A Medical Device Daily
Results of a new genetic study bring scientists one step closer to understanding why some smokers become addicted to nicotine, the primary reinforcing component of tobacco.
The research, funded by the National Institute on Drug Abuse (NIDA), part of the National Institutes of Health , represents evidence to date of genetic risk factors for tobacco addiction. The study not only completed the first scan of the human genome to identify genes not previously associated with nicotine dependence (or addiction), it also focused on genetic variants in previously suspected gene families.
The research results appeared Dec. 1 in the online issue of the Journal of Human Molecular Genetics.
“This genome-wide association scan is an important step in a large-scale genetic examination of nicotine addiction,” said Elias Zerhouni, MD, director of the NIH. “As more genomic variations are discovered that are associated with substance abuse, including smoking, we will be better able to understand how to prevent and treat human addictive disorders.”
Smoking behaviors, including the onset of smoking, smoking persistence, and nicotine addiction, appear to cluster in families. Studies of twins indicate this clustering partly reflects genetic factors. To identify those genes that could potentially contribute to nicotine dependence scientists combined a comprehensive genome-wide scan with a more traditional approach that focuses on a limited number of candidate genes, using unrelated nicotine-dependent smokers as cases and unrelated non-dependent smokers as controls.
A candidate gene has one or more variant forms, which, according to current scientific evidence, appear to be linked to a genetic disease.
“When two teenage friends experiment with smoking at the same age, one can become addicted and the other might not,” said Dr. Nora Volkow, director of NIDA. “This systematic survey of the genome coupled with the ongoing identification of variants in candidate genes brings us closer to understanding what factors increase a person’s risk of transitioning from experimentation to nicotine addiction.”
“The hope is that continued identification of these genes that are associated with risk of addiction will not only help us predict who is more likely to become addicted but will also help identify who will respond best to specific cessation therapies,” said study leader Laura Jean Bierut, of Washington University School of Medicine (St. Louis).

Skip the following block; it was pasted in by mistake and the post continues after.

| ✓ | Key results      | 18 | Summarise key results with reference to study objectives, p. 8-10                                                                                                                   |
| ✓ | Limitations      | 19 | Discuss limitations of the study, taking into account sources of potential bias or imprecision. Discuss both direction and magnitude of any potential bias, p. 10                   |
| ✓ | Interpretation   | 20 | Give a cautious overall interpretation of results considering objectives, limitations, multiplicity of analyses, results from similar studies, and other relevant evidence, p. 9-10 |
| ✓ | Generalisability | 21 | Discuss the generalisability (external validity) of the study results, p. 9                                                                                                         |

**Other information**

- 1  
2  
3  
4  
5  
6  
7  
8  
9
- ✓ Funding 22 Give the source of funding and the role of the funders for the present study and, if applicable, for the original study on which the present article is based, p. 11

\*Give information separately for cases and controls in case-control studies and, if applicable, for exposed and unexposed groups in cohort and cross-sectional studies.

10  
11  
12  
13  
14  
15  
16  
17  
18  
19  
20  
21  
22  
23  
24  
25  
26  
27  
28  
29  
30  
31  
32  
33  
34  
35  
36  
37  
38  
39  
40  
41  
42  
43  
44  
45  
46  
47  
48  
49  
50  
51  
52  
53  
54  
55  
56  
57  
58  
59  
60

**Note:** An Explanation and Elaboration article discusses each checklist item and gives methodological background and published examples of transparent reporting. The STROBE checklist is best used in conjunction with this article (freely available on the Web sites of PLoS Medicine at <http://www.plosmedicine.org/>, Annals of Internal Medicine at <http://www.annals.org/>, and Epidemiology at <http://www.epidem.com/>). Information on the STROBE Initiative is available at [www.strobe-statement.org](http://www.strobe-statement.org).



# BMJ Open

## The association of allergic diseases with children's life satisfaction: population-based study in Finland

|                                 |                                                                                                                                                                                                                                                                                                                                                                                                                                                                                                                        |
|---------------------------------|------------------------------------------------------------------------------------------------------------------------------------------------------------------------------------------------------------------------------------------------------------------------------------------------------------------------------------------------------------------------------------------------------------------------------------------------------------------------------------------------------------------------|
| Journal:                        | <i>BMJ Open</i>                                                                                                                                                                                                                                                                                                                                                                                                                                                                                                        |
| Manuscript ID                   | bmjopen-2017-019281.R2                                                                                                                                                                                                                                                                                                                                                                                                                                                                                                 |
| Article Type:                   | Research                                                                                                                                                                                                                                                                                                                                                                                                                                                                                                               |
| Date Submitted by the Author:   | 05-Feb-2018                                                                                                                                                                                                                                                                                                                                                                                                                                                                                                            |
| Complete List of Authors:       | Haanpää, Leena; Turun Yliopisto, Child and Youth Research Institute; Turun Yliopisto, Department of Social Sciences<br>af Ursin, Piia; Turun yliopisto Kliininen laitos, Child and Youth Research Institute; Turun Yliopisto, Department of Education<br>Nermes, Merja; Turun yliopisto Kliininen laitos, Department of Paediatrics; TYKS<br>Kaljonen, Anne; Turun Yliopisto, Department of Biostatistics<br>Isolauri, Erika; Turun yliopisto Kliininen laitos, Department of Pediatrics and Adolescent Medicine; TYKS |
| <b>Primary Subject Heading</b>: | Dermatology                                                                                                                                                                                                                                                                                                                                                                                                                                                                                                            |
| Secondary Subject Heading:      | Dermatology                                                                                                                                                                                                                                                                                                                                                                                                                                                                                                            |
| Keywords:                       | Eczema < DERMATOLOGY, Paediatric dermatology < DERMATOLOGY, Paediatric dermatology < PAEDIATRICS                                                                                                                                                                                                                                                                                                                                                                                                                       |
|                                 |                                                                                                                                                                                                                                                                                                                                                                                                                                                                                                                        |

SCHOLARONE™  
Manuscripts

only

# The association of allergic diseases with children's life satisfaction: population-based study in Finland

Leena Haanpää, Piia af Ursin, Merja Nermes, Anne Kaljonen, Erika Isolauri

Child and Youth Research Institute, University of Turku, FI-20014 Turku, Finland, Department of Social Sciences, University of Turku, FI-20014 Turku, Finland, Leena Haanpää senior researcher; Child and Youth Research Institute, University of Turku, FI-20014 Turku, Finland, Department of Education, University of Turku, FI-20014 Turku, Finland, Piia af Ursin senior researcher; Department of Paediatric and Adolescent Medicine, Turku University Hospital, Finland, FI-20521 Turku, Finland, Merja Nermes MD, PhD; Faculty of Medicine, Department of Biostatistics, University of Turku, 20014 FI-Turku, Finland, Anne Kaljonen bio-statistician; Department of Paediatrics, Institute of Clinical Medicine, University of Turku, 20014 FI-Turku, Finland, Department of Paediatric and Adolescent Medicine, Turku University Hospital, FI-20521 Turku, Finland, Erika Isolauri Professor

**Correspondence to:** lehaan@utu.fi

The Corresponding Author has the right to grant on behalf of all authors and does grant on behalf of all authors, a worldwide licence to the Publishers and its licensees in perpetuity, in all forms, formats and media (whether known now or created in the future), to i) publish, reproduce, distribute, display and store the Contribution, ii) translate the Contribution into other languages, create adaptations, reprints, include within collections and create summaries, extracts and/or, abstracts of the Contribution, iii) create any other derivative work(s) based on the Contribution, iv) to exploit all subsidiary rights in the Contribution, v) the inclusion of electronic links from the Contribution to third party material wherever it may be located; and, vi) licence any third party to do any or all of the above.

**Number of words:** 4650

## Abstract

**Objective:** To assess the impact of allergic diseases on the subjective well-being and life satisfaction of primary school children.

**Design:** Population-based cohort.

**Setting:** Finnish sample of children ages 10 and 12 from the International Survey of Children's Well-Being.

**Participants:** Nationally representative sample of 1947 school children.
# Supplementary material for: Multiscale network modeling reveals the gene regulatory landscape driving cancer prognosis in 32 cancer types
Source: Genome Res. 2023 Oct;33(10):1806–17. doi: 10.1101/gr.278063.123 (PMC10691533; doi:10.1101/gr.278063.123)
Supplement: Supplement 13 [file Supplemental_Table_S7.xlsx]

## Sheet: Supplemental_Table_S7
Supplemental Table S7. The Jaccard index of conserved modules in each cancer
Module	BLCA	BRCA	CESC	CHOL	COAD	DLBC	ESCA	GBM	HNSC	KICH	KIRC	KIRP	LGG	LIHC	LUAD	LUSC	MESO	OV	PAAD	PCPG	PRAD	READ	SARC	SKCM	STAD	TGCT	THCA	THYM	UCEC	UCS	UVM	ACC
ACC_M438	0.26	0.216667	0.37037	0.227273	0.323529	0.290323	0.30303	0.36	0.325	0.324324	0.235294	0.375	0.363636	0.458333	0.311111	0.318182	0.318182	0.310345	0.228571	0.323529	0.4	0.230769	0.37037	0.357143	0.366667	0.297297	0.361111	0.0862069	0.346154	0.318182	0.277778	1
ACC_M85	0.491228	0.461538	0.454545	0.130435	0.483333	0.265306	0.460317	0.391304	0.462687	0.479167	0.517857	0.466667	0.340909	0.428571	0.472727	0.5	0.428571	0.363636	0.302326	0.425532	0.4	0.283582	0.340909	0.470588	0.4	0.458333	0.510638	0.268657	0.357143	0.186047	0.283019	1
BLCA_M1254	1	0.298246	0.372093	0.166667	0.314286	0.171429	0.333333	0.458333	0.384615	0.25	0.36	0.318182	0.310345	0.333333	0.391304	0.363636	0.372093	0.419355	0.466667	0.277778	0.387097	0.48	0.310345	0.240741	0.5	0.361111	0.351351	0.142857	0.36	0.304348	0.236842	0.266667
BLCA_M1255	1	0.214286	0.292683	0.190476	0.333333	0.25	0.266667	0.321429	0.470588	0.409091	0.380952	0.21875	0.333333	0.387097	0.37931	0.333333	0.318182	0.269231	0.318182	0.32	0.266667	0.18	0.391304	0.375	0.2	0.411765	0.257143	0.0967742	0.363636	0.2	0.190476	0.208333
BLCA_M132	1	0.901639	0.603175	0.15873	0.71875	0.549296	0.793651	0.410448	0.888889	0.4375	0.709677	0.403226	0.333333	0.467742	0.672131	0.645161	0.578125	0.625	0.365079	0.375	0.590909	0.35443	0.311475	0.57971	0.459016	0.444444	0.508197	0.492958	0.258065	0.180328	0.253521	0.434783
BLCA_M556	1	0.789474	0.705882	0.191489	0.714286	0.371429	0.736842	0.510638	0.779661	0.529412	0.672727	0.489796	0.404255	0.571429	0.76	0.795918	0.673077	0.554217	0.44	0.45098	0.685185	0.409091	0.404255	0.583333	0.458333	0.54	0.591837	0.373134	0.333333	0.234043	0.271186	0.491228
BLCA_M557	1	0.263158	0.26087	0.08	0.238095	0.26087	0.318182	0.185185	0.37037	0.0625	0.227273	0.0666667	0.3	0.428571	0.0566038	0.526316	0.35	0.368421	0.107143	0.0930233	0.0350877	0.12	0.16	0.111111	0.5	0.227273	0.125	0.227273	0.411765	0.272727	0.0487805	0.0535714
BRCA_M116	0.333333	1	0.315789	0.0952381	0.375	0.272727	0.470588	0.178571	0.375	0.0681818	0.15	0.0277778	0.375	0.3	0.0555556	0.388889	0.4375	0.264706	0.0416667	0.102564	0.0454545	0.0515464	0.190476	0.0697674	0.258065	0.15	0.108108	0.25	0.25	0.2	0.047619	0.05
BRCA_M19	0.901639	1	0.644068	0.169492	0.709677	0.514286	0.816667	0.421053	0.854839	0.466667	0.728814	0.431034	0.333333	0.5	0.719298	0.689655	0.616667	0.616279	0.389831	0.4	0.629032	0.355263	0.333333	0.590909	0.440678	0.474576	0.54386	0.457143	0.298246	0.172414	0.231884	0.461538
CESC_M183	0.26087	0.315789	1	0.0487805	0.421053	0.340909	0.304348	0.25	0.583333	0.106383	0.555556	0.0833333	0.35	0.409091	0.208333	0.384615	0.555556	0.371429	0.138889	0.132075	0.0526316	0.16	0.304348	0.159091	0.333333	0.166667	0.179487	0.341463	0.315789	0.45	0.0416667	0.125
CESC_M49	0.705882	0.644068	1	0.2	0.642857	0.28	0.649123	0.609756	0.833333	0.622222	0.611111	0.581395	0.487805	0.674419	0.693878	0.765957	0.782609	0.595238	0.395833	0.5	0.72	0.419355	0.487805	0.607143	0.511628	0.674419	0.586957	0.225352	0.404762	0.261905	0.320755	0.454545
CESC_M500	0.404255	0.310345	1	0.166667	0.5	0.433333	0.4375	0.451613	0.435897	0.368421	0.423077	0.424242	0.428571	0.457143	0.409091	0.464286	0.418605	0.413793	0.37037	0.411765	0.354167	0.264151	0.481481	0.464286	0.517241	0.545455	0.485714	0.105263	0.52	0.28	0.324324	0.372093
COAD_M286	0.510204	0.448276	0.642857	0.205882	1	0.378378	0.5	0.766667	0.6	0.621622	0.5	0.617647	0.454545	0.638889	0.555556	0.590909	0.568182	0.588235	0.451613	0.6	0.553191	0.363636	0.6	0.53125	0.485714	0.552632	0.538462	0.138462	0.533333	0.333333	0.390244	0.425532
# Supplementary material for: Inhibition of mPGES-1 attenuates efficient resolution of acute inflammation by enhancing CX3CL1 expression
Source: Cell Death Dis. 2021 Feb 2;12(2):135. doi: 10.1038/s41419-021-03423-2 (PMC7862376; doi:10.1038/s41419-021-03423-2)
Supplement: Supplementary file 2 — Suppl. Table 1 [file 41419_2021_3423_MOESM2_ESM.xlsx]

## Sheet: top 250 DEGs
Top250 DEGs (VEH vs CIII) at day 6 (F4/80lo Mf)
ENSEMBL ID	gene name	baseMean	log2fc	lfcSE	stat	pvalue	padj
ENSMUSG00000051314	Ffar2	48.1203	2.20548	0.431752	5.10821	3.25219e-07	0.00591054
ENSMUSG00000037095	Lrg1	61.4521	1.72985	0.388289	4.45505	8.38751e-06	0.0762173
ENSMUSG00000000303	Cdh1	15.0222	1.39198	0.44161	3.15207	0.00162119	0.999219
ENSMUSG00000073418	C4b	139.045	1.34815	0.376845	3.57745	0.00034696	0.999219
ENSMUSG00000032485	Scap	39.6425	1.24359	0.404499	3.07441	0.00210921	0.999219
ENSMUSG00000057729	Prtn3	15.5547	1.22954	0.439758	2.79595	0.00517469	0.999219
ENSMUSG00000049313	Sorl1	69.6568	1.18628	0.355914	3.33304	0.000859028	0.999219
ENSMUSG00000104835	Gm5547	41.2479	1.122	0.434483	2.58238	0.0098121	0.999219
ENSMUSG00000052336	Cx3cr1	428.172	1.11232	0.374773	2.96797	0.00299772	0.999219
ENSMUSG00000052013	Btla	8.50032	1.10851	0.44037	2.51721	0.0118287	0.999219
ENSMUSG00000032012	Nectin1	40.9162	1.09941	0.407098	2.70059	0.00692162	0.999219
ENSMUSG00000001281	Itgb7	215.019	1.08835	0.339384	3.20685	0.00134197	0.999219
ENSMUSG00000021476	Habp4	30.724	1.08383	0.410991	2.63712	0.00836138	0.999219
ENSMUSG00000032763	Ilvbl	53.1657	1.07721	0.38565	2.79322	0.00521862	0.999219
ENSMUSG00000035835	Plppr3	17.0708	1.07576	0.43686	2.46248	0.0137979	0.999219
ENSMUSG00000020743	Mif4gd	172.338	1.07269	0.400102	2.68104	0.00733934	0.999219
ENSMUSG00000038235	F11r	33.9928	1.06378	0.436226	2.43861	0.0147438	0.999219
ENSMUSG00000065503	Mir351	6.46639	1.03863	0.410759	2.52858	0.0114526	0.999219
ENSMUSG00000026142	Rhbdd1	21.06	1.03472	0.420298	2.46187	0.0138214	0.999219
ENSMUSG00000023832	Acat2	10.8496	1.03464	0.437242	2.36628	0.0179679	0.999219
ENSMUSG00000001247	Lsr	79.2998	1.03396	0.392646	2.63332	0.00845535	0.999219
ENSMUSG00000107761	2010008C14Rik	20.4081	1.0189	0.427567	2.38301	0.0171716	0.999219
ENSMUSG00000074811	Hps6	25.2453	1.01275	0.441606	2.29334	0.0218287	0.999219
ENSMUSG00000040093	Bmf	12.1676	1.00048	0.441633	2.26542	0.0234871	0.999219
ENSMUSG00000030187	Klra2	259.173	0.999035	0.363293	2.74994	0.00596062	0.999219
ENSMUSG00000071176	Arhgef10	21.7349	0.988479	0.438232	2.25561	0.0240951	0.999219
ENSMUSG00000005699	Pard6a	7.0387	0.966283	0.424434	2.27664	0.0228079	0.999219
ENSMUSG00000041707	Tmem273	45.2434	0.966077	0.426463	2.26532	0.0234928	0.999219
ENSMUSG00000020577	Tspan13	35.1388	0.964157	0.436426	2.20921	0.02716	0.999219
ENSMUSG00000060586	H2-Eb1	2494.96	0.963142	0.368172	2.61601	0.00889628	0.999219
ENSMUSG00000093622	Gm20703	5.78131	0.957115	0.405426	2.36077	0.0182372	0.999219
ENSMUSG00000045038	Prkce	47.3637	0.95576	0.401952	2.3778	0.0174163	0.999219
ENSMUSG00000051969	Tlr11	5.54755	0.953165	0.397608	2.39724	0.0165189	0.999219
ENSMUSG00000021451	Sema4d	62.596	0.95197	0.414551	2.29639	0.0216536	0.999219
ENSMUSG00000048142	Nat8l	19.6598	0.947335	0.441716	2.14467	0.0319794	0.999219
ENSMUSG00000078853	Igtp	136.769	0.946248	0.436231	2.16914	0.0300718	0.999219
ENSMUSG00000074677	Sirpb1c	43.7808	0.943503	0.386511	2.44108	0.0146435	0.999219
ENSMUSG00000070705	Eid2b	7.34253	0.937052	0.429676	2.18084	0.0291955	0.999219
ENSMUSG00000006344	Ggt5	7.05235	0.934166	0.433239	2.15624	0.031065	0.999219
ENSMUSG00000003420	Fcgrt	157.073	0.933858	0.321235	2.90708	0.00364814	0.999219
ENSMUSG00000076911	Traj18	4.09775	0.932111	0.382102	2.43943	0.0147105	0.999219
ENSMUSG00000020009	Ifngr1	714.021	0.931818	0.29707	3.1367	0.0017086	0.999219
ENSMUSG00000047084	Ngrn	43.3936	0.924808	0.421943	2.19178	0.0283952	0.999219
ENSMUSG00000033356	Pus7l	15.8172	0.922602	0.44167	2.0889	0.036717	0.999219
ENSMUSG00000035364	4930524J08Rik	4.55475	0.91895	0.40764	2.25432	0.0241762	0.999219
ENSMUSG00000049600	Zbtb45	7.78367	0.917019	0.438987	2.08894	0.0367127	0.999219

“New technologies related to the study of the human genome have helped us collect new information related to nicotine addiction,” said Volkow. “We must now determine how to translate these findings into approaches that will reduce smoking related disease and death.”
PARI’s eFlow in NIAID study
PARI (Monterey, California) reported that The National Institute of Allergy and Infectious Diseases (NIAID), part of the NIH, is conducting research using the company’s eFlow electronic nebulizer to study aerosol delivery of vaccines to the mucosa.
This study evaluates immunogenicity of aerosolized adenovirus- and DNA-based vaccines delivered to the lungs to protect from HIV/AIDS and other viral diseases.
“We are very excited about the potential of vaccines delivered by PARI’s eFlow. Since eFlow is such an effective and efficient delivery platform, many new drugs and vaccines can potentially be delivered via inhalation with very short treatment times and without a needle,” said Martin Knoch, managing director of PARI.
The research team uses a non-human primate model in vaccine testing, the best model available for measuring immune response before transitioning to clinical trials in humans.
The proof-of-concept study of aerosol delivery of vaccines delivered with the adenovirus is being conducted at the NIAID Vaccine Research Center (Bethesda, Maryland).